Detroit's Martha Reeves ready to return to the road at 79

Posted on 07/15/20 by Mark Hornbeck

Motown Diva Martha Reeves turned 79 on July 18, and make no mistake about this: She still has the spirit, the voice, and the love of life that has made her an international icon in the music business over a 65-year career.

Sure, like everyone else, the pandemic has slowed her down somewhat this year. Concert tours with the Vandellas to China and England were cancelled. She hasn’t played golf this summer. She can’t visit her beloved great-grandchildren in person.

But she has definite plans to get back to all that as soon as it’s safe.

“Of course I’ll be back on tour, probably in 2021. I see a light at the end of the tunnel. I’m tuned and ready to perform. I’m singing the scriptures every day, I’ve got my costumes cleaned and hanging up,” Reeves said from her Detroit high-rise home.

“I’m a singer. I don’t know anything else. And it’s so needed. What the world needs now, more than ever, is love and music.”

Ready to resume Dancing in the Street, some might say… or to disrupting aging, AARP would say.

Reeves says she is committed to the quarantine, the mask-wearing, the gloves, and the spray sanitizing to protect herself and others. She lives in a 27-story building, so she can’t take visitors.

“I have no plans for my birthday,” she said with a mock pouting tone. “I’ll be staying in my home, as I’ve been told to do, and watching my house plants grow.”

She can’t call on family and friends in person, but she stays in touch as kind of a combination life coach, spiritual adviser and confidence booster.

“I have been so celebrated in my life. Now it’s my time to turn my courage and faith to calm the spirits of those who reach out to me,” she said. “I probably spend eight hours a day on the phone.

I have been so celebrated in my life. Now it’s my time to turn my courage and faith to calm the spirits of those who reach out to me. I probably spend eight hours a day on the phone.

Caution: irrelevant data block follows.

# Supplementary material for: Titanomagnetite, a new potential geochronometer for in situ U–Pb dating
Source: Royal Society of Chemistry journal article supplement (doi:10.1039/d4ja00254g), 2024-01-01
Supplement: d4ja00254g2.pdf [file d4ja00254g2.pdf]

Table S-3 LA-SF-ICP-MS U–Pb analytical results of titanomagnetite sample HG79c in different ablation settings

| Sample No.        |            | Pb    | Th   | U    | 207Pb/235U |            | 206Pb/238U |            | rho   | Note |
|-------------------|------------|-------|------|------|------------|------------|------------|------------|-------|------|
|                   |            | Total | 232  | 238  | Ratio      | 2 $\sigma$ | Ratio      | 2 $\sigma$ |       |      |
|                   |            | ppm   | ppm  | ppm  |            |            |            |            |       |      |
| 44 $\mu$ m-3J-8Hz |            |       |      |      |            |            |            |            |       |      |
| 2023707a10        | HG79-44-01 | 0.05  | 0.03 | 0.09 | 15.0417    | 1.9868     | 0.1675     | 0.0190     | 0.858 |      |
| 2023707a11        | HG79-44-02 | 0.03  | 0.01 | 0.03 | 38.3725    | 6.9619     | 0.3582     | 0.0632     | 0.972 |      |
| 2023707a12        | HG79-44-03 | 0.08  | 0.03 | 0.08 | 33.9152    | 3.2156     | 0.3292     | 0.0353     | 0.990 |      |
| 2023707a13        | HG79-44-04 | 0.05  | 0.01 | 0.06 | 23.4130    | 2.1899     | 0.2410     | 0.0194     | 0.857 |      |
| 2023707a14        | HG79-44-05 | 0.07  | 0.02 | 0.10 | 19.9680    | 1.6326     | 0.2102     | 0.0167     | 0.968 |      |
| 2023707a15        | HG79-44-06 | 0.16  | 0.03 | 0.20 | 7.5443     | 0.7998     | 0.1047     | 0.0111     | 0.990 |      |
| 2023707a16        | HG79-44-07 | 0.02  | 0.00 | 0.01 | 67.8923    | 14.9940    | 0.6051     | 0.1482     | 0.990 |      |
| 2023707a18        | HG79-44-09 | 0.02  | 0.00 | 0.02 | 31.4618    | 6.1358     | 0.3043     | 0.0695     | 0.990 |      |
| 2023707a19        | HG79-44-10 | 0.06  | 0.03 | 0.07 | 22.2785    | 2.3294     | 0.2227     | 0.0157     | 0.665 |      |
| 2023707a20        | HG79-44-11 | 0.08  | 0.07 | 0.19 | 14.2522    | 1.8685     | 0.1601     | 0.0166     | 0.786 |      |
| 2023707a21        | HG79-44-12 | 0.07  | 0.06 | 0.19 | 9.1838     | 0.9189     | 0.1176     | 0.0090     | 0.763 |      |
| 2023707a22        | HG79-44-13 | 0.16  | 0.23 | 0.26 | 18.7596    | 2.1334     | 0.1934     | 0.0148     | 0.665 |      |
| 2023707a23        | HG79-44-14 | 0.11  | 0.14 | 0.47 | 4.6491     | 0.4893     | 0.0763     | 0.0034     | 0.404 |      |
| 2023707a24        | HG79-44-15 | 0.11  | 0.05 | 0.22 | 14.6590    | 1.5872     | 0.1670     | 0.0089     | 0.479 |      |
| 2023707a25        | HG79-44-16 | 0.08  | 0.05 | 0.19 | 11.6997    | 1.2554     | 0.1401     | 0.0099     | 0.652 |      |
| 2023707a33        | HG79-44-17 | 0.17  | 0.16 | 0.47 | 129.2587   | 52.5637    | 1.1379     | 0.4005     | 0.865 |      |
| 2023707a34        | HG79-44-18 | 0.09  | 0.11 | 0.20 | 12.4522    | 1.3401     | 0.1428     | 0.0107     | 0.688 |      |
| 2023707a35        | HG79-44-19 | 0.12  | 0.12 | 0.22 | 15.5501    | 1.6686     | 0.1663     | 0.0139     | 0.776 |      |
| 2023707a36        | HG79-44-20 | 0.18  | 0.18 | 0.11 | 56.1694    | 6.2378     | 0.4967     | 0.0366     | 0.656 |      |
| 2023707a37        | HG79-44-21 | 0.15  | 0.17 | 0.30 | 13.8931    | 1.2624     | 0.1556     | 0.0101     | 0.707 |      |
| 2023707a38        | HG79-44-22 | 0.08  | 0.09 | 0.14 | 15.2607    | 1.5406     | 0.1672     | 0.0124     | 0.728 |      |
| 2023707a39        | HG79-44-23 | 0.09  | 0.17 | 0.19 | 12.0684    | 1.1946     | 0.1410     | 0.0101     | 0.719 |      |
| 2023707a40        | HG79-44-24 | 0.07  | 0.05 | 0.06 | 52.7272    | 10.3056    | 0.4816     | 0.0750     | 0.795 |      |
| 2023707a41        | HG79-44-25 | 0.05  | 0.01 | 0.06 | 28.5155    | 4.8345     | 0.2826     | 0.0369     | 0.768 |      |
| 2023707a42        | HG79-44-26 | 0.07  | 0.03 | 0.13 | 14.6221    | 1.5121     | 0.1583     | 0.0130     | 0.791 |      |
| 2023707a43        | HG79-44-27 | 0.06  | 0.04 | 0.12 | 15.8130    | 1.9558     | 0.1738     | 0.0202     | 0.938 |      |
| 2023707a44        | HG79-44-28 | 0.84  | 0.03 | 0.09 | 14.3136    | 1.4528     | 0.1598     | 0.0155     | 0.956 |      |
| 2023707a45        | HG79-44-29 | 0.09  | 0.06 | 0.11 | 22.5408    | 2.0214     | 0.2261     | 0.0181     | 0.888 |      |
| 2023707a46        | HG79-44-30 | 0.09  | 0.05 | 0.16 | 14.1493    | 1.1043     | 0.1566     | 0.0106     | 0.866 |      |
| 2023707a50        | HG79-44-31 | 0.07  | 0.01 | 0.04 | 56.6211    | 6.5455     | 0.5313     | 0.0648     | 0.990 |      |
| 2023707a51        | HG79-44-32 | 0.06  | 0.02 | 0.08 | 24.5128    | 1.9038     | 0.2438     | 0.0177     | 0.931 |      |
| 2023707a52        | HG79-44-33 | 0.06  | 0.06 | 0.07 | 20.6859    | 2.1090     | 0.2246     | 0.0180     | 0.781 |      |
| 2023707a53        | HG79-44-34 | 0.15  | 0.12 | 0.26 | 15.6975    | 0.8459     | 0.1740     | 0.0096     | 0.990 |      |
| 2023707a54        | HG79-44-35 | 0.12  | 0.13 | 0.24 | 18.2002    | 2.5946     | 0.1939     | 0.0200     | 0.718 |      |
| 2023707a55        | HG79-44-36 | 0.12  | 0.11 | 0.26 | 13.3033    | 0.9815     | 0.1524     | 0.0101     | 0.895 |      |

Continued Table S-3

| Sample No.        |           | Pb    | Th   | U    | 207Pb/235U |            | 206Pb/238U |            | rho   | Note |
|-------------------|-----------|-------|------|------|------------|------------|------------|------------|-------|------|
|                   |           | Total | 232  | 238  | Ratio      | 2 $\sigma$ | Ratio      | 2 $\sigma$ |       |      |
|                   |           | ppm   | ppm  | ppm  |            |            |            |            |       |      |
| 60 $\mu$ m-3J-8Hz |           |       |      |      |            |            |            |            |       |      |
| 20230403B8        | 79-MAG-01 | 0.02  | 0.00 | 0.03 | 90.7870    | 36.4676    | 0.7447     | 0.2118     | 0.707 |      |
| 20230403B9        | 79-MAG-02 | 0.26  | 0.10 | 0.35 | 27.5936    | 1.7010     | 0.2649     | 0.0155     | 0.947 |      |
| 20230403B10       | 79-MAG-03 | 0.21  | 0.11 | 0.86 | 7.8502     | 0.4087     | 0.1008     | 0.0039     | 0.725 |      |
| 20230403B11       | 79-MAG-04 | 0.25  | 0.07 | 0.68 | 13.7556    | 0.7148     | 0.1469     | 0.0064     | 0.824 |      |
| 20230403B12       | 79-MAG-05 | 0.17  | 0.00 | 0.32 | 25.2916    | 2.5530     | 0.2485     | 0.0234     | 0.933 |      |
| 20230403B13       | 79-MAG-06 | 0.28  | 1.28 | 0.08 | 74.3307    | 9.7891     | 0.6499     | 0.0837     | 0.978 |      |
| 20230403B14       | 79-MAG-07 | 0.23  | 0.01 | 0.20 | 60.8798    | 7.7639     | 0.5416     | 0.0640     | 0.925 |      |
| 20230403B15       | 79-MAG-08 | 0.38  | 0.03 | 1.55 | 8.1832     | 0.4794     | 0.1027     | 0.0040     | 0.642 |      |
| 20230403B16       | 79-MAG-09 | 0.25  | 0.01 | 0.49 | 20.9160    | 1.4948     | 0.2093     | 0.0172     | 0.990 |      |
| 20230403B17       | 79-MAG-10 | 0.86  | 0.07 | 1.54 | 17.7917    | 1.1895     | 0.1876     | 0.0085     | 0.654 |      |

Martha Reeves

“People should not let this virus make them inactive,” Reeves added. “I’ve been talking to my friends about following the rules and to keep moving. There are ways you can help others who need a little confidence in these times.”

Among other things, the former Detroit City Councilwoman (2005-2009) is doing some work for AARP’s voter engagement campaign. She recorded a “She’s the Difference” video about the importance of women to get out and vote this year.

She has taken up the joy of cooking as someone who spent much of her life eating out and having others make meals for her. She continues her Bible study, answers fan mail, and “I figure out how to pay the bills with no income,” Reeves said. “I rely on my faith to keep me active.”

More than anything, she misses seeing, holding and hugging her two great-grandchildren.

“I thought grandchildren were a delight, but great-grandchildren, oh boy!” she said.

Asked about her take on Black Lives Matter protests this year following the murder charge against a Minneapolis police officer in the death of George Floyd, Reeves said she grew accustomed to dealing with racism during her early days on the road with the Motown Revue. She faced segregation and hatred at nearly every stop.

I have been on the road to freedom since 1962. The only differences now are there are fewer haters in the world, and people videotaping the cruelty.
Martha Reeves

“I have been on the road to freedom since 1962,” Reeves said. “The only differences now are there are fewer haters in the world, and people videotaping the cruelty. Never in my life did I think I’d see an actual murder with vengeance, hatred and violence.”

She calls Motown star Smokey Robinson “my hero,” as she recalls him putting a stop from the stage to segregation of concert audiences while burly security guards looked on with enmity. The result was people of all colors celebrating life and dancing together at their shows.

“That was always a good thing about Motown music,” Reeves said. “It was for everybody. All of our audiences were like confetti, all colors and creeds. It was nothing for me to see people mixing and blending. God made us all, we’re one people, we all have blood, we all have freedom, and we all should be of service to one another.”

The songstress always gets a kick out of hearing one of the Vandellas’ songs – “Heat Wave,” Nowhere to Run,” “Jimmy Mack,” and countless others – when she’s out somewhere. But there’s a special place in her soul for her signature hit, “Dancing in the Street.”

“The trumpets at the beginning remind me of a visit to Madrid, it sounds like the start of a bullfight. And then I can’t sit still,” Reeves said. “I sang it from my heart because I remember dancing in the street with my neighbors when I was young. Audiences always had the same reaction. They had to get up and dance. It’s a call to party.”

If Reeves has her way, it will be safe enough to resume the call to party very soon.

This story is provided by AARP Michigan. Visit the AARP Michigan page for more news, events, and programs affecting retirement, health care, and more.

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You can find CDC’s latest coronavirus information at cdc.gov/coronavirus; AARP information and resources are at aarp.org/coronavirus. En español, visite aarp.org/elcoronavirus.